Ryan: What’s fascinating to me about this particular issue is its ubiquity in the world. Our interactions in service contexts are rife with anxiety. Which investment should I make? Which school should I choose? Which course of treatment should I pursue? This anxiety can cloud our ability to make the best decisions and undermine our service experiences in the process. Behavioral science and economics has identified choice architecture as one path for helping consumers make better decisions in these circumstances – “nudging” them toward the “right” answer. Michelle had the idea that a different approach, reducing the anxiety these customers feel through better operational design, might help them make better choices on their own.
Findings & implications
Michelle: We are in the early stages, but we believe that insights about the mindset of a consumer can and should be effectively incorporated into the design and delivery of services. The design of financial services in particular has for many years focused on the efficient execution of transactions and strong investment performance, but in my opinion, not enough attention has been paid to customer experiences. My hope is that this research (and my future research) will contribute to our knowledge of how customer behavior and operating systems interact, and at the same time influence change in this key industry. In addition, any findings from this work will also apply to other contexts where high-stakes decisions are being made by customers who may be in an anxious state, such as in health care, education or in certain government service interactions. This embodies the rigor of academic research and the relevance of real world problems that are the hallmark of research at HBS.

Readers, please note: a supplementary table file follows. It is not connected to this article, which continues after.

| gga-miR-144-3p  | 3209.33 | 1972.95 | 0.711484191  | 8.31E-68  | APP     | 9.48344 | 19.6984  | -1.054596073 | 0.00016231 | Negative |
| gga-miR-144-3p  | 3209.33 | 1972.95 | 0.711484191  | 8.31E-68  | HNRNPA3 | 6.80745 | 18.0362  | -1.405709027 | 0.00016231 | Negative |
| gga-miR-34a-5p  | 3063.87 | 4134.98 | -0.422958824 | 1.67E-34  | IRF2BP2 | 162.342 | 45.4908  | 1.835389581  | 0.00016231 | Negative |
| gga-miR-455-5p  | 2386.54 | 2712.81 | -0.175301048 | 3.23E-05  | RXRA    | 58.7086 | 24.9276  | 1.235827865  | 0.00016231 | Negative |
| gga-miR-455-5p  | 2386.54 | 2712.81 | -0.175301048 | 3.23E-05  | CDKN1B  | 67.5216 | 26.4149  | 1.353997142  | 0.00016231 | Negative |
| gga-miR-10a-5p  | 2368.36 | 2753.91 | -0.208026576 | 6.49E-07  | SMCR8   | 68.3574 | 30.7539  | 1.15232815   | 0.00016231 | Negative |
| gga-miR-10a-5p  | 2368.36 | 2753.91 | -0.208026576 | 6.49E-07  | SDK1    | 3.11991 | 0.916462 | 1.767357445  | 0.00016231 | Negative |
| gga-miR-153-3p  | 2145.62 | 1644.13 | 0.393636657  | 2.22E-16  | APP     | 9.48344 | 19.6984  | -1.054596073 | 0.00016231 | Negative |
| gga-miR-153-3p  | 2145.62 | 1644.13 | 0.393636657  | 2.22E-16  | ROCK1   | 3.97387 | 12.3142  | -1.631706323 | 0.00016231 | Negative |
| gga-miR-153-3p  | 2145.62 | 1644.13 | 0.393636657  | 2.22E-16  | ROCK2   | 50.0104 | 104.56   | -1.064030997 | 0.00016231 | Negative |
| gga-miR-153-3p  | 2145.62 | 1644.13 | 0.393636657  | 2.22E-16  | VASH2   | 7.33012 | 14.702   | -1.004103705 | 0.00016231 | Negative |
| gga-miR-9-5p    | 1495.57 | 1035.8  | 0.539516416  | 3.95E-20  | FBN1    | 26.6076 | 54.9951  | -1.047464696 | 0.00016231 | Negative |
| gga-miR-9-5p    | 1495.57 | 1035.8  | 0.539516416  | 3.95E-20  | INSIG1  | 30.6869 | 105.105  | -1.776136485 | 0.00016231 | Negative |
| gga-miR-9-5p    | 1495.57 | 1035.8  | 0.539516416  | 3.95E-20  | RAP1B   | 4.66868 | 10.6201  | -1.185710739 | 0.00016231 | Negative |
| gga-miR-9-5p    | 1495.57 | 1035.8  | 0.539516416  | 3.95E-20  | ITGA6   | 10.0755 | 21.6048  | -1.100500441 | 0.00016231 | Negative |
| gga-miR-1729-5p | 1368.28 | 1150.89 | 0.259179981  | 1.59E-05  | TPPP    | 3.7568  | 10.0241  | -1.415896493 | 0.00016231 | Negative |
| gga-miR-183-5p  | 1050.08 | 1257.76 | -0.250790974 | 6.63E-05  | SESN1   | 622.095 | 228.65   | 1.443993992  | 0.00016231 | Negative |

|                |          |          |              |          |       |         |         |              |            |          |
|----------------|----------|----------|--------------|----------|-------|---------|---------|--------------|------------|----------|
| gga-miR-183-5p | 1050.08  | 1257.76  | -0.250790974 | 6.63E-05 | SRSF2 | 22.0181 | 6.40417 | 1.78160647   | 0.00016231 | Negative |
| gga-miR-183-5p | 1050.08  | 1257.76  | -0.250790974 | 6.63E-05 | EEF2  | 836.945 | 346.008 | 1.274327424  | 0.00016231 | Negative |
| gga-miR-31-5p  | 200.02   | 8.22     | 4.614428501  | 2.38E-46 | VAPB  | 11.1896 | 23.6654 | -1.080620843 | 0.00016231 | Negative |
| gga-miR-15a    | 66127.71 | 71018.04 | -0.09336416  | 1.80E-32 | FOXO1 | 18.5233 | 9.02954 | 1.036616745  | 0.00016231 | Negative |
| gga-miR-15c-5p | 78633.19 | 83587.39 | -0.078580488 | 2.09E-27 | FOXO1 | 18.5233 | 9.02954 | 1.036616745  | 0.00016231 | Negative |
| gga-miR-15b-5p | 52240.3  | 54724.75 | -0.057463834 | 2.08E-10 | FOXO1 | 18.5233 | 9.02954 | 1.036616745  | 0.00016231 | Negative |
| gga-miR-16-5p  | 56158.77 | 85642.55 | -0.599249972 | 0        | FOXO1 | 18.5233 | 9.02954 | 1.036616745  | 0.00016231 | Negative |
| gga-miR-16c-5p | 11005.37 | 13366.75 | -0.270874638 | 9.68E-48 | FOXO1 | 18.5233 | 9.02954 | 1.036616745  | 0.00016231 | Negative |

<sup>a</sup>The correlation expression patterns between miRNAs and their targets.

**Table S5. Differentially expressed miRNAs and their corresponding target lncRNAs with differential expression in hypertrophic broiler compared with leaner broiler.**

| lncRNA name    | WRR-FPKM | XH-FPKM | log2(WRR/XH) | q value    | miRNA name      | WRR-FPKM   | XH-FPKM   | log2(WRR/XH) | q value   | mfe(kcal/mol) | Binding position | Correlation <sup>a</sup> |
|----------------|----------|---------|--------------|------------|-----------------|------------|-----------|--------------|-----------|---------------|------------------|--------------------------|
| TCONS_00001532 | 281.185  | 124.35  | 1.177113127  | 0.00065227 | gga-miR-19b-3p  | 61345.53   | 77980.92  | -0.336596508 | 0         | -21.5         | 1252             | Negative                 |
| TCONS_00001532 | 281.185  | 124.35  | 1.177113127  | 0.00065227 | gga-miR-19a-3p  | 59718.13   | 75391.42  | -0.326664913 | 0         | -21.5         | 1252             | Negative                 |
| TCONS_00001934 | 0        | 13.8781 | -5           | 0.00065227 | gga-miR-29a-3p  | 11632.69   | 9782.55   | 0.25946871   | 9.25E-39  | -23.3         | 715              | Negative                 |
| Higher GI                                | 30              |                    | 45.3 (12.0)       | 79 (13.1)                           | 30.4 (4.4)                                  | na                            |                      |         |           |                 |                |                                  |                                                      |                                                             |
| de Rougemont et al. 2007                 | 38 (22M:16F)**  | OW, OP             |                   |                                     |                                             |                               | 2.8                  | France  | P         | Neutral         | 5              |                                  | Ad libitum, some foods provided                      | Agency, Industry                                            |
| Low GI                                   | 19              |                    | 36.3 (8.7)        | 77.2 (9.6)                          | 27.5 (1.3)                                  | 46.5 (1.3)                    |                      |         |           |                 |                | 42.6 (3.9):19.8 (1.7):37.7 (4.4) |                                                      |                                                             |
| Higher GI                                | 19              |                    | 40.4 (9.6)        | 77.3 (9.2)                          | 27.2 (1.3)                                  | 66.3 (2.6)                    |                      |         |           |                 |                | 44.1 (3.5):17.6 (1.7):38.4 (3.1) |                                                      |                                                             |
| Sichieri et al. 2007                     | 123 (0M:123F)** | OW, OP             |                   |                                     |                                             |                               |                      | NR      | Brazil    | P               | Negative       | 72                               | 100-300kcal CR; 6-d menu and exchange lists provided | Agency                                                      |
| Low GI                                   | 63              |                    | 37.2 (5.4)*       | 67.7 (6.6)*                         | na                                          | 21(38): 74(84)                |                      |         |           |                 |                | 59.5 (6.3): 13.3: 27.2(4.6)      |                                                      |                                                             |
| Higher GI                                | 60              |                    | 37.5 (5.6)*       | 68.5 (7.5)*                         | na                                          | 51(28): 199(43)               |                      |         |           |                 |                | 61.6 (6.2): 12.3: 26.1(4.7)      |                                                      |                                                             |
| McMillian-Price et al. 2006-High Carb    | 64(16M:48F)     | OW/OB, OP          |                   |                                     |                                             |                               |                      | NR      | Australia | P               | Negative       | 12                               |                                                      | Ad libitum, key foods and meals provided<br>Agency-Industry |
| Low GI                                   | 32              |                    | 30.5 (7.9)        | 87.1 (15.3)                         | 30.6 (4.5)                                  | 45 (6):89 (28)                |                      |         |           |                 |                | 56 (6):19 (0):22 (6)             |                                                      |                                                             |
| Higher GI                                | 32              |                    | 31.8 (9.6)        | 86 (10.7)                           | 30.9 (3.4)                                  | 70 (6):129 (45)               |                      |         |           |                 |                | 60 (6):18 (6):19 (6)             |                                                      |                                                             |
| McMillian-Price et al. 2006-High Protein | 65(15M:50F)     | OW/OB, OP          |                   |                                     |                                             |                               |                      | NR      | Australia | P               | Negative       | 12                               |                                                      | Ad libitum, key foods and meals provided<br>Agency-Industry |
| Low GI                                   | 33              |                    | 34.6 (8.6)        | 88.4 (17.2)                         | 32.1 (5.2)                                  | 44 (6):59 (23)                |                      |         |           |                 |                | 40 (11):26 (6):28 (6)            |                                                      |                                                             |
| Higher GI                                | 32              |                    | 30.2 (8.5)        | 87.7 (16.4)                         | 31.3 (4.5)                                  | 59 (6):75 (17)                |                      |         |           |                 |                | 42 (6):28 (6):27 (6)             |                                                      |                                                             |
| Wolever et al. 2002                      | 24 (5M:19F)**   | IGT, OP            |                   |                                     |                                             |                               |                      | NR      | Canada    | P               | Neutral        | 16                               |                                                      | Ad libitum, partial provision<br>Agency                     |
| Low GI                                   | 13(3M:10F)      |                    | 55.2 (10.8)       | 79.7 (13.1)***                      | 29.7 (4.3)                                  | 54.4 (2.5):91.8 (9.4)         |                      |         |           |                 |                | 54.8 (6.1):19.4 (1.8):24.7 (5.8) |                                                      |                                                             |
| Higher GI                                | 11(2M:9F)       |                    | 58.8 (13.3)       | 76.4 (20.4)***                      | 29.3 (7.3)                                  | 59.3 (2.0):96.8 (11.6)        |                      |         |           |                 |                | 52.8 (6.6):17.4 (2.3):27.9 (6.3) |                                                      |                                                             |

Ryan: One of the joys of the HBS research environment is that it affords the opportunity to pursue important questions using multiple lenses, a broad array of methodologies, and an abundance of resources. In this project, Michelle and I are tackling a real world problem that spans the fields of operations and social psychology. To do that, we’re beginning in the laboratory to deeply understand how anxiety in service contexts influences customer decision-making, and which operational designs work best to reduce anxiety. Then, we’ll take our insights to the field, collaborating with an industry partner to test whether they improve outcomes among real customers. This iterative, multi-faceted approach enables us to pursue some of the thorniest interdisciplinary problems facing business today, and advance research and practice with insights that are rich and reliable.